Rob also sent me this headline from somewhere:

For all our pickleball friends back in Canada – you totally get this, the addiction is unstoppable :).

Today Hugh and I played in the Senior Mixed comp and we won bronze!

Once again, Rob got some great action photos:

Now this photo deserves some additional attention:

Those of you with a trained pickleball eye may notice that Hugh is WAY into MY side of the court. I am very glad that Rob captured this moment on film to represent the not just one but two occasions when Hugh ran and stretched way into my side of the court to claim “his” ball – and then missed the shot. No bitterness here, just stating a fact. Hugh and I will be discussing this further later.

Fellow club members Robyn and Glenn (same Glenn as played with Hugh in men’s doubles) won gold in the mixed event today. They are heaps of fun and we look forward to playing with them again! Coincidentally, Robyn owns Ten Commandments and that’s where our new kitchen bench (counter) is being made! What a great name for a granite/stone store :).

Here is a photo of our friends Geoff and Sharyn:

Geoff and Sharon were actually the very first people I played pickleball with here and they have rapidly become lifelong friends! They certainly keep us laughing, more great Aussie humour. Geoff, if you’re reading this and would like to know a bit more about our bronze medals, please just ask, we’ll be happy to describe in infinite detail for you :).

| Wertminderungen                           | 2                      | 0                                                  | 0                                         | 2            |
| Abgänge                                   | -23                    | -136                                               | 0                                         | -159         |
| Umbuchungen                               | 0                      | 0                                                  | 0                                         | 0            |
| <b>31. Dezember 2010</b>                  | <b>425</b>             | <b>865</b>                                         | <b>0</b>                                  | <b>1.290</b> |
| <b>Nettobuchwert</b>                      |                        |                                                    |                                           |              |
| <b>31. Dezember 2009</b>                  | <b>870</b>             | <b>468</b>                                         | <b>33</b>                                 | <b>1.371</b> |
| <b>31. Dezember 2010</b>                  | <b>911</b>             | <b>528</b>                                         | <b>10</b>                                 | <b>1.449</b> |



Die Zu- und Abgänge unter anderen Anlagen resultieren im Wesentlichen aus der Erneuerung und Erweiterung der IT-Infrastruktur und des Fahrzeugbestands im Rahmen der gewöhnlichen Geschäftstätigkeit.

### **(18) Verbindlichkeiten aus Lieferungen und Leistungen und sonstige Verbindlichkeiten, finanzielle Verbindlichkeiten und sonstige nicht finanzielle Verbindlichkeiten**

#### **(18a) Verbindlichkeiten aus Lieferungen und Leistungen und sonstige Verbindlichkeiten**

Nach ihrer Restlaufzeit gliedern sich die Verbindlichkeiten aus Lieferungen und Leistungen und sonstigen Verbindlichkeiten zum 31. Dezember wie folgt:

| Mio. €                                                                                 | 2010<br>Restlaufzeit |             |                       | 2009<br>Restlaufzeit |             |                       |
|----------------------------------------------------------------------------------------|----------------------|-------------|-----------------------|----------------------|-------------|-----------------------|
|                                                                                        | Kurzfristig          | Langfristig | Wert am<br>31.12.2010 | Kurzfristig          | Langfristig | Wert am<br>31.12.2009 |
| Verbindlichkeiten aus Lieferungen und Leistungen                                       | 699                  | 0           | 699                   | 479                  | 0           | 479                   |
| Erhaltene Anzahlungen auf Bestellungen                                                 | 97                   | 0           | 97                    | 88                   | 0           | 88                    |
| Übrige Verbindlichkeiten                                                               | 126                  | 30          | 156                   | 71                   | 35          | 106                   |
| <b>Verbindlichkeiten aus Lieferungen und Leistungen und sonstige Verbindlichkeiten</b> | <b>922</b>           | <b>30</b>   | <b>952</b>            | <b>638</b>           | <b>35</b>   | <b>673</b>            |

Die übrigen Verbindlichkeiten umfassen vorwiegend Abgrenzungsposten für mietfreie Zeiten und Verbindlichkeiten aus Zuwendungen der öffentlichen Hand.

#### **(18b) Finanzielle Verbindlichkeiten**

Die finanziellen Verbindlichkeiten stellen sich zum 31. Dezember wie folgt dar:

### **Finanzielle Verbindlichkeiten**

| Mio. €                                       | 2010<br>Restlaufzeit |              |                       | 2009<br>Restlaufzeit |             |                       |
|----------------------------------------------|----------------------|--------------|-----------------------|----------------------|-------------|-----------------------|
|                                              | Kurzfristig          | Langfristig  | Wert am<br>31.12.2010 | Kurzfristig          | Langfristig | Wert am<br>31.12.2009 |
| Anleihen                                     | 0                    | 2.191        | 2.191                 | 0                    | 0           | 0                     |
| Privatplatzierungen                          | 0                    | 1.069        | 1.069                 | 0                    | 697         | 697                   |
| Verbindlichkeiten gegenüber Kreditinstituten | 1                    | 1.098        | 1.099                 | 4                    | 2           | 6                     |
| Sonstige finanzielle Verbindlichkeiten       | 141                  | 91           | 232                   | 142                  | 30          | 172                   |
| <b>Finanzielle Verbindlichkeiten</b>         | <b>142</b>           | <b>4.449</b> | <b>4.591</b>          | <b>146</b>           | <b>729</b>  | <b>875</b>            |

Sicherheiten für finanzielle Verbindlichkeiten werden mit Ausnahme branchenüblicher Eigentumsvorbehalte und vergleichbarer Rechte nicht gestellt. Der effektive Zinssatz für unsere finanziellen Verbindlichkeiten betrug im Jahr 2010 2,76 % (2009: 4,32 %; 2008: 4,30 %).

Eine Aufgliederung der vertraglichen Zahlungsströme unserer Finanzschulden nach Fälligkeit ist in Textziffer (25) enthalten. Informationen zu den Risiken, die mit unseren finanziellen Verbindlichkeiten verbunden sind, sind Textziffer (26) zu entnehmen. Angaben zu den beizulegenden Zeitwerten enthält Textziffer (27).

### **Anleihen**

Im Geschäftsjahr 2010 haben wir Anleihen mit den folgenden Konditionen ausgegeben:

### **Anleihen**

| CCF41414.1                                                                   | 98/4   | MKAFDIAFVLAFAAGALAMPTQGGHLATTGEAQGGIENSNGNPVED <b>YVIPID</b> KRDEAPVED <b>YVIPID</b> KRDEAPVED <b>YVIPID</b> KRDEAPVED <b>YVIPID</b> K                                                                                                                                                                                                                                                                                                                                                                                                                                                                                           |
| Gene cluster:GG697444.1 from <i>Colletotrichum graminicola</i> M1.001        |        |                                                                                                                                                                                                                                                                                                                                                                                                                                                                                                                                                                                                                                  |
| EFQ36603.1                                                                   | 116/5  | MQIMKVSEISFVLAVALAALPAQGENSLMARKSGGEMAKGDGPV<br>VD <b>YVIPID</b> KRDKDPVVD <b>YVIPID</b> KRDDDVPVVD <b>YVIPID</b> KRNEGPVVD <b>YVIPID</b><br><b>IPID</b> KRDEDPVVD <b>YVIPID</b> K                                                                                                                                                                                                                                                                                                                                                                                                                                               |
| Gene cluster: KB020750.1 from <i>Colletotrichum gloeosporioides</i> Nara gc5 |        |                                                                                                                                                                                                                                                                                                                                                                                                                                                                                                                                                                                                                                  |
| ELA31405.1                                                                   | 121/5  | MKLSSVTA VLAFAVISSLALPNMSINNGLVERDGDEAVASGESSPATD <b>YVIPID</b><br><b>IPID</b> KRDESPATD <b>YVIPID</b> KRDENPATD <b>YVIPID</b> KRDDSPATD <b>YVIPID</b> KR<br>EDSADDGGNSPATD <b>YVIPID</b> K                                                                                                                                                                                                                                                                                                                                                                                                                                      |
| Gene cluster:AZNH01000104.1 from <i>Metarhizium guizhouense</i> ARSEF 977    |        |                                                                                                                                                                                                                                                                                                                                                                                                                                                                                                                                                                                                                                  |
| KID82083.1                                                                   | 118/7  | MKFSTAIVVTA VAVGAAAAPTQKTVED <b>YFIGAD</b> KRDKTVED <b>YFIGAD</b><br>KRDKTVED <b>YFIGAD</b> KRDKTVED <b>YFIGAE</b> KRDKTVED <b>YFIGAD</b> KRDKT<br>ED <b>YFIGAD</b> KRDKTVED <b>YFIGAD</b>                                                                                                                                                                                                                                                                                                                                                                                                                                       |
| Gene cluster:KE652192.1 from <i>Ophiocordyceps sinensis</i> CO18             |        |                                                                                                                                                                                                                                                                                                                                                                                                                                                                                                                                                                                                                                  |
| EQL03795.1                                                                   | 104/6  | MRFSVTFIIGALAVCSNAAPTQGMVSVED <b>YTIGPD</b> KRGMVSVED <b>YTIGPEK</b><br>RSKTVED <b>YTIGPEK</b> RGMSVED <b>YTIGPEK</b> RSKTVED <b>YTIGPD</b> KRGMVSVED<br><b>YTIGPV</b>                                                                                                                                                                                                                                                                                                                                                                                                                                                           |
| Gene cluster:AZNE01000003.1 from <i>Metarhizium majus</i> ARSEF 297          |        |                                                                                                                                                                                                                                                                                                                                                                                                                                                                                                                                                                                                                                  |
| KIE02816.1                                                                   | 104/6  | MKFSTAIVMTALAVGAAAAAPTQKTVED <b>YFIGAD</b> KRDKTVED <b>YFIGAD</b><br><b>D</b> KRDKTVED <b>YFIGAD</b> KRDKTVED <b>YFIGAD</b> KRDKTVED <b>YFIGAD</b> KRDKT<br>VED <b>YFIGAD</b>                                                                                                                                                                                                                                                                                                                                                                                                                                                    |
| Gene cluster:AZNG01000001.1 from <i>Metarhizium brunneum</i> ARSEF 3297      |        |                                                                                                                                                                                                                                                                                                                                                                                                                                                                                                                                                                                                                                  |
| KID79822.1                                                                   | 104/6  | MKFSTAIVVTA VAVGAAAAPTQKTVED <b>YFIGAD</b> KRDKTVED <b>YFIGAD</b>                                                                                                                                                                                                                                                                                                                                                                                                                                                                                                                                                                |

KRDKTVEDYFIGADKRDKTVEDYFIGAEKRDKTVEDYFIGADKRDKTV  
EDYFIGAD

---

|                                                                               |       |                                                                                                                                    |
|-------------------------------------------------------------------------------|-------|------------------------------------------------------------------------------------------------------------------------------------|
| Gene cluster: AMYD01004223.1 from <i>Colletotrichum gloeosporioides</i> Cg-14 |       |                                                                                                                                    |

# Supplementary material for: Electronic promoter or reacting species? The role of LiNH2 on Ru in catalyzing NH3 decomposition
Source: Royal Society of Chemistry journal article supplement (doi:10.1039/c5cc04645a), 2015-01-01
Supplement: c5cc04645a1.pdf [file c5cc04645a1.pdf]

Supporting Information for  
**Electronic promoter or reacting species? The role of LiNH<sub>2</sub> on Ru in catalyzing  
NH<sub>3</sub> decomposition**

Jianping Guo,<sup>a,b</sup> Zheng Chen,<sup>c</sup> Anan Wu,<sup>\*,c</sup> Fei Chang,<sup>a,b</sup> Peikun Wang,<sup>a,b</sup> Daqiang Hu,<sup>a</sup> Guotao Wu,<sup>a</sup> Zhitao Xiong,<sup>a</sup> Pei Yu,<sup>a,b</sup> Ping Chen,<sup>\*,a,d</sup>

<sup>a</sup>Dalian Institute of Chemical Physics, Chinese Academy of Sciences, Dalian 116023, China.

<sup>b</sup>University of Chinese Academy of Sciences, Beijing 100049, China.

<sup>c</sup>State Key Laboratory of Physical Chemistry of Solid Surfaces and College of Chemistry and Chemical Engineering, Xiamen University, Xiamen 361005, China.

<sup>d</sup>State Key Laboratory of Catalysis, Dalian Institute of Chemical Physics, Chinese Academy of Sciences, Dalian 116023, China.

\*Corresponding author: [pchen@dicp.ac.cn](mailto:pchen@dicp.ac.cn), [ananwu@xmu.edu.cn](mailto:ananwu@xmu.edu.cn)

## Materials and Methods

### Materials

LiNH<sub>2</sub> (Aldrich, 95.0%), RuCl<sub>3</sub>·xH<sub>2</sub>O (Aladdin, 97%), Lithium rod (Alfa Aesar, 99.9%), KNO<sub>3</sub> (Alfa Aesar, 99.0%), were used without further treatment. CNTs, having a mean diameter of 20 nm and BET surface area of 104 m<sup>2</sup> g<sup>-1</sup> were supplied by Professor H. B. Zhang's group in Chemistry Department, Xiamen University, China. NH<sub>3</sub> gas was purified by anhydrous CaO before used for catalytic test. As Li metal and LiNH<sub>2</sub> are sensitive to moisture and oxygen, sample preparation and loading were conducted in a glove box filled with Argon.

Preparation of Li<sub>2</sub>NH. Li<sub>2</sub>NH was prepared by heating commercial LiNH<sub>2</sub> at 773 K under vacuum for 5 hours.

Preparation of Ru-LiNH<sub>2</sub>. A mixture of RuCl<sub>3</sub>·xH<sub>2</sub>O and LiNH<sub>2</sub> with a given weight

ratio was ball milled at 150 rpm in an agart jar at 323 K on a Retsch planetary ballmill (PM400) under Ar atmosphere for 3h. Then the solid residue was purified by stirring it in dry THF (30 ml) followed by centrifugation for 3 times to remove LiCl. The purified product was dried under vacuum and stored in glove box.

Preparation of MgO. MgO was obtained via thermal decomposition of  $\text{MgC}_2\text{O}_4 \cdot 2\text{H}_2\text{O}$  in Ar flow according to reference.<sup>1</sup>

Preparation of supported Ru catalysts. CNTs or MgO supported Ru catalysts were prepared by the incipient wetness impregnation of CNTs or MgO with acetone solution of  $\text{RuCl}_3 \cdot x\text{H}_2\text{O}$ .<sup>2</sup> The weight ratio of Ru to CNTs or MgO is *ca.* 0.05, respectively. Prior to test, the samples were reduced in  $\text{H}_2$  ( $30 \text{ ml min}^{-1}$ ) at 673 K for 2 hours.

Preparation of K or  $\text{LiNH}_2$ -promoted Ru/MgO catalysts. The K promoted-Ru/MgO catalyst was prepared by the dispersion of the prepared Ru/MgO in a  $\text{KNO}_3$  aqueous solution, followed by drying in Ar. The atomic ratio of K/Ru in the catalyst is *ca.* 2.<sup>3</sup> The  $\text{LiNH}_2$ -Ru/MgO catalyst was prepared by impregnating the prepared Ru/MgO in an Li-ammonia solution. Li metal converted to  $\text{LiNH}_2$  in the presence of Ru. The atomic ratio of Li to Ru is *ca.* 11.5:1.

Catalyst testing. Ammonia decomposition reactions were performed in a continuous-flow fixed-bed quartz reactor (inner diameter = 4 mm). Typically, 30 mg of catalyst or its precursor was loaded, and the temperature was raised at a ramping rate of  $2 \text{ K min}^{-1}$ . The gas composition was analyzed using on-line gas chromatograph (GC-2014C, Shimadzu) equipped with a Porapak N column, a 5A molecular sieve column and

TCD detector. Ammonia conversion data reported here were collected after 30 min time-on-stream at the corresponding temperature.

Tonight about 70 players from the Seniors comp this weekend all went out for dinner at the Capricorn Tavern. One of the players wrote a song about pickleball! Here’s the chorus:


Now, if you’re thinking back to the title of this post, you’re counting on your fingers and noticing that I’ve covered Silver, Silver, and Bronze – but no mention of Gold. Well, I am giving myself a Gold medal for my stellar performance on Tue and Wed this week – when I drove to work all by myself!! That’s right ladies and gentleman, I successfully controlled a car from the right hand side while skillfully navigating driving on the left, all without Hugh in the passenger seat to remind me of anything. I am very impressed with my skill :).

Last night, our friend Leigh invited us out to Yepp Brewery to see comedian Kel Balnaves:

We didn’t stop laughing all night! I love this style of comedy – just commenting on the things you see and experience in daily life, no need to denigrate anyone, and all with that fabulous Aussie sarcasm! We needed Leigh to translate some Aussie vocab for us from time to time and we definitely need to do some googling about “blowing a thong” (no, not what you’re thinking and be careful what you type into your search engine :)).